A BMW driver drove into the back of a stationary Peugeot at 70 mph killing a pregnant Penygroes woman and her unborn child, a jury heard today.

Craig Scott, aged 51, hit the Peugeot with such force he pushed it into an Audi killing Rebecca Evans and causing serious injury to her two year old son Cian.

He suffered serious brain injuries and fractures and was airlifted to hospital.

Rebecca Evans, an Encore stage school teacher, was declared dead at the scene, as was her unborn daughter.

Scott, from Armoury Drive, Heath, Cardiff, admits causing her death by careless driving but denies his driving was dangerous.

He also denies causing Cian serious injury by dangerous driving.

Catherine Richards, prosecuting, told Swansea crown court dangerous driving fell well below that expected of a competent and careful driver.

That, she said, was what the prosecution maintained Scott was doing when he failed to notice that traffic on the M4 at Port Talbot had come to a standstill.

The Peugeot 407 was being driven by Rebecca's partner Alex Evans.

He had come to a halt and put on the car's hazard lights to alert traffic approaching from behind.

But Scott had become distracted, said Miss Richards, and he failed to apply the brakes.

The accident happened shortly after 8am on November 29, 2016.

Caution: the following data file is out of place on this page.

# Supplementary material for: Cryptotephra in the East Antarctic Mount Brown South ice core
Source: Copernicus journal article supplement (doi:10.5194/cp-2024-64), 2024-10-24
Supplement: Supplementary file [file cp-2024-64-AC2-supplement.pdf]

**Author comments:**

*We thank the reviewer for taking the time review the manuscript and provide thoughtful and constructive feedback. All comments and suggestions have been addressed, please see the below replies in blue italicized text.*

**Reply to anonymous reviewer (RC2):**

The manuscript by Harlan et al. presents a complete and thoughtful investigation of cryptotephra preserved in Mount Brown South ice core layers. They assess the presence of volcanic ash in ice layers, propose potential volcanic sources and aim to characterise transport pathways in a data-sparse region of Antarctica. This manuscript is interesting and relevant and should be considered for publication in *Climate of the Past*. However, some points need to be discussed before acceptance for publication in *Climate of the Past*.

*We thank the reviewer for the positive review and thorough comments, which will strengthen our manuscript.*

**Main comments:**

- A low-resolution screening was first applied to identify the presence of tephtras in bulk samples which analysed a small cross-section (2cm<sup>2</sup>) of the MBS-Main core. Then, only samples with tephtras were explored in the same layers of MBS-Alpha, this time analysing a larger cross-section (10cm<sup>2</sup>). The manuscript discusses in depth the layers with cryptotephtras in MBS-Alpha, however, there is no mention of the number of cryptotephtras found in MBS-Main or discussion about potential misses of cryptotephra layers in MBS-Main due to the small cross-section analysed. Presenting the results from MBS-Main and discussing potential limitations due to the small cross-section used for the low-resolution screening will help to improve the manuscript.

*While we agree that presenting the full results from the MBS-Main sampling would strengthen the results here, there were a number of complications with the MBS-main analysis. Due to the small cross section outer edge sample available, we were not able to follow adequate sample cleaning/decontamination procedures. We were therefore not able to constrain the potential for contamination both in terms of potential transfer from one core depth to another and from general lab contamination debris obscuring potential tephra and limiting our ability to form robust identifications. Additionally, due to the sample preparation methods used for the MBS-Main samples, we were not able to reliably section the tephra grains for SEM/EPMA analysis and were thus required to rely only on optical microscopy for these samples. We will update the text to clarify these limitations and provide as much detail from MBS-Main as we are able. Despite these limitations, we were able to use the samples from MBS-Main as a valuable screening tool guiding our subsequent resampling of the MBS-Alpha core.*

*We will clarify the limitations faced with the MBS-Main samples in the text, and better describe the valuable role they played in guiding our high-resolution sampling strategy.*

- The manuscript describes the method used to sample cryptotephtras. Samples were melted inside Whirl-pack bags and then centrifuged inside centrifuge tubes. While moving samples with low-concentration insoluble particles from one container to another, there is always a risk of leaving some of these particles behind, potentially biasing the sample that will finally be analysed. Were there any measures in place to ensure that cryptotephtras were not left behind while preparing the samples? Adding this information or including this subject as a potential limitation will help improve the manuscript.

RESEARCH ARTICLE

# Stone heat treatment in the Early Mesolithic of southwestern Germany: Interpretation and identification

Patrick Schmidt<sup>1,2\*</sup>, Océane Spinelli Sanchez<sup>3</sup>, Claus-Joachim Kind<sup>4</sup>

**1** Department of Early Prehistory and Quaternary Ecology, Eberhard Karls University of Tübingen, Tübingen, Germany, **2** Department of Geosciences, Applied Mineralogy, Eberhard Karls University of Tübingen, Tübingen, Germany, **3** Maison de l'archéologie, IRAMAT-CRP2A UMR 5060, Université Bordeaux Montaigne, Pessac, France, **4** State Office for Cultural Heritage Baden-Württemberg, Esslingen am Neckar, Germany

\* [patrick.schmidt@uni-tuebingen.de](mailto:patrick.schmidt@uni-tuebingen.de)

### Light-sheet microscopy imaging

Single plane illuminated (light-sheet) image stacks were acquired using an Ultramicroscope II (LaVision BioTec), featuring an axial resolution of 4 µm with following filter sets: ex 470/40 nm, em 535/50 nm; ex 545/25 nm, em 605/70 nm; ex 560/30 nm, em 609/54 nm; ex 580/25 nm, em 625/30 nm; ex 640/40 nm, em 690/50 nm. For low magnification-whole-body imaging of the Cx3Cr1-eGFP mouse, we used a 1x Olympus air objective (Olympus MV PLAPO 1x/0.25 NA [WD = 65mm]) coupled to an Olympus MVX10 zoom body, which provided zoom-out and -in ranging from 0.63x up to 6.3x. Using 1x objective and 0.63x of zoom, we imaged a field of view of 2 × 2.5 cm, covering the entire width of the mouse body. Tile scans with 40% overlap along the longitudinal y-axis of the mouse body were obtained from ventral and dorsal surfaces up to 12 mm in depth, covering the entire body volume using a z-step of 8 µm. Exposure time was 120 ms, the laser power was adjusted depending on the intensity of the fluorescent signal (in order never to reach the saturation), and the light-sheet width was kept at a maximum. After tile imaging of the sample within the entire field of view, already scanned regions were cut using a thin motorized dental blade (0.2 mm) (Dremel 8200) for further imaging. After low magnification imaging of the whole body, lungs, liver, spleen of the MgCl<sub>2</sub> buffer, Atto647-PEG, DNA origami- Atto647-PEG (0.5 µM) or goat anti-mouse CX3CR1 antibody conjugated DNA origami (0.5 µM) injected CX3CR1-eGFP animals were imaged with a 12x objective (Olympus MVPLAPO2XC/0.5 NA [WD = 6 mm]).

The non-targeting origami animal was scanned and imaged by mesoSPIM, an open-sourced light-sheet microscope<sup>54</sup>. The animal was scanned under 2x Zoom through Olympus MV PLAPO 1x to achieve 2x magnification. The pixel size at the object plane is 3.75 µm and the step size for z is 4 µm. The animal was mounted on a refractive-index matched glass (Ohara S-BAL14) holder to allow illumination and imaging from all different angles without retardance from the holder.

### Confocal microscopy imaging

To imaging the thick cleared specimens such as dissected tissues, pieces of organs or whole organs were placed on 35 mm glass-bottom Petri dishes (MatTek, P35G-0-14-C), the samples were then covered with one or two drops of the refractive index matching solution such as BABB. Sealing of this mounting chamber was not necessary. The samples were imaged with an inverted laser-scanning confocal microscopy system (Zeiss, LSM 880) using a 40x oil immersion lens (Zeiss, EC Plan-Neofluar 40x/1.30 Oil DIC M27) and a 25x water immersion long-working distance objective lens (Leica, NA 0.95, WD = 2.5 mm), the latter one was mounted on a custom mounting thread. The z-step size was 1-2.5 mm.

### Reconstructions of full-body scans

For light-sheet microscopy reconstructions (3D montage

Mr Evans had been driving west towards the Penllergaer services where they were due to hand Cian over to Rebecca's mother while they went to work.

Just after Junction 38 the three lane motorway reduced to two lanes and it was not unusual for rush hour traffic to become congested.

Mr Evans noticed the BMW approaching in his rear view mirror.

"He (Scott) was not paying attention. He did not respond to what was taking place ahead of him.

"Road conditions were good and visibility was good. But he failed to see a stationary vehicle and was driving too fast for the traffic ahead of him.

"His driving was not just careless but dangerous.

"An accident investigator will say he was doing about seventy miles an hour at the moment of the collision," she added.

Scott later told police that he braked but was too late.

But, said Miss Richards, there wasn't any evidence that he braked at all.

Scott later told police that he had made a hands free telephone call to his workplace about five minutes before the accident.

But, said Miss Richards, that call had actually been made just seconds before the collision.

Scott also said he may have been distracted by something he saw on a bridge. But, said Miss Richards, the bridge had been some distance away from the scene of the collision and, in any event, he should have been paying attention to the traffic ahead of him.

The collision was filmed by a dashcam on board a lorry and the footage was shown to the jury.

The trial is expected to end later this week.